Physically based and stochastic rainfall disaggregation models have emerged as popular alternative approaches to produce finer-scale precipitation based on coarser-scale information (Mason 1986; Wilby et al. 2002). Physically based models are known for the cascade of uncertainty due to many uncertain processes (hence complex sets of differential equations) and required variety of atmospheric variables, whereas in contrast the stochastic rainfall disaggregation methods demand low computational power and minimum model inputs. The latter are therefore selected in the present study and require only 2 datasets in the study case, i.e. daily rainfall observation and publicly available GSMaP satellite rainfall.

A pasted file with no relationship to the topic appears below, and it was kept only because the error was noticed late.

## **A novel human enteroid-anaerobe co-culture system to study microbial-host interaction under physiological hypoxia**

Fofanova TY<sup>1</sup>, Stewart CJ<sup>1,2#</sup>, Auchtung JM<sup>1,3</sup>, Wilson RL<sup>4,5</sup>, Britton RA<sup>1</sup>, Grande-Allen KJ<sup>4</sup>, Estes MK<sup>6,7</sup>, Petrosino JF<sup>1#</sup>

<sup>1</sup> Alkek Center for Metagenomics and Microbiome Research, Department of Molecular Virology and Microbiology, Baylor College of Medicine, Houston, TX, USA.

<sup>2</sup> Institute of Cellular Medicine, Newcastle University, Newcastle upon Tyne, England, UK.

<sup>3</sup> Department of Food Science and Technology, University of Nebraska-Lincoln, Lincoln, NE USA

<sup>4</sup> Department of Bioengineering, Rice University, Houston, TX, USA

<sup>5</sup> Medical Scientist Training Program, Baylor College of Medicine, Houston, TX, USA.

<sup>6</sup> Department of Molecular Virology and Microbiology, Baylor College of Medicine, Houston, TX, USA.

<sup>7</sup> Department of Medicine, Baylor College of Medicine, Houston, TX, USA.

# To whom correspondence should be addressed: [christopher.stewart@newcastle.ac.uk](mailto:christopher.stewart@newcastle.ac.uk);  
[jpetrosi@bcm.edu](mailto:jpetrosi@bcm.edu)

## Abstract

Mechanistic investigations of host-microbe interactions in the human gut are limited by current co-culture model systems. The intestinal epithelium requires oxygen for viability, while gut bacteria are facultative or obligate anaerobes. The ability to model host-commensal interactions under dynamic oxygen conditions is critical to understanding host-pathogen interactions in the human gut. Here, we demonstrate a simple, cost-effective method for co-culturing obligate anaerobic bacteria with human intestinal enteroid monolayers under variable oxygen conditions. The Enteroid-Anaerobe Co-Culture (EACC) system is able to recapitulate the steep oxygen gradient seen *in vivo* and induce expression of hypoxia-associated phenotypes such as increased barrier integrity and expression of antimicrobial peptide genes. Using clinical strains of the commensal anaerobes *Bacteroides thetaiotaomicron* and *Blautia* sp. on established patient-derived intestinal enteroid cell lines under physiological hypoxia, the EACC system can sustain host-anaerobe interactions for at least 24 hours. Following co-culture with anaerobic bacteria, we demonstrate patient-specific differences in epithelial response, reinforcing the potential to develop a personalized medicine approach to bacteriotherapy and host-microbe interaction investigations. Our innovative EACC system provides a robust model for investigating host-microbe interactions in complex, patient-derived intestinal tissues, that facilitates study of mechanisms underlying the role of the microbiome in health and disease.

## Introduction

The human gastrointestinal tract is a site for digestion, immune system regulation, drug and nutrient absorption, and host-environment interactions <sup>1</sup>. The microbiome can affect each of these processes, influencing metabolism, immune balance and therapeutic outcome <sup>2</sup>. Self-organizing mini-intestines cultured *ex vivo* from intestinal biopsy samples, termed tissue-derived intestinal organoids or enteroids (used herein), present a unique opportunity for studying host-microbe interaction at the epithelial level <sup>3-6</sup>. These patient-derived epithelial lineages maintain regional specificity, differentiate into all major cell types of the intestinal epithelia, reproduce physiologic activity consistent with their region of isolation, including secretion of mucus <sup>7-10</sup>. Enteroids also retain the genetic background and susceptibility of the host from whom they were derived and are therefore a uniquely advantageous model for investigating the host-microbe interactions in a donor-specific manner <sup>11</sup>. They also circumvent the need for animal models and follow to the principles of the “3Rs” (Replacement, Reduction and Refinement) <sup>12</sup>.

Several stochastic rainfall disaggregation models have been developed, such as (1) the random cascade models based on scale-invariance theory (Gupta and Waymire 1993; Carsteanu and Foufoula-Georgiou 1996; Molnar and Burlando 2005), and (2) the Bartlett-Lewis/Neyman-Scott rectangular pulses models based on point process theory (Onof and Wheater 1993; Khaliq and Cunnane 1996; Koutsoyiannis and Mamassis 2001; Gyasi-Agyei and Mahbub 2007). Studies have been conducted to assess the performance of different disaggregation methods towards their suitability and effectiveness (Ferraris et al. 2003; Serinaldi 2010; Licznar et al. 2011). A general conclusion as for the best model, however, cannot be drawn as rainfall properties significantly differ for different climatic regions with different generating mechanisms (Sharma and Mehrotra 2010). In view of its wide applicability in various climatic conditions, Bartlett-Lewis rectangular pulses (BLRP) model, in particular HyetosR, is selected in this study as the rainfall disaggregation tool. HyetosR is an R package developed to disaggregate daily rainfall into hourly time series, which combines a rainfall simulation model based on the BLRP process with a proportional adjusting procedure to rescale the hourly totals to the required daily values (Koutsoyiannis and Onof 2000, 2001; Kossieris et al. 2012). Hourly rainfall observations are not necessary as a direct input for HyetosR; however, sub-daily rainfall statistics is still required for the parameter estimation of the BLRP model.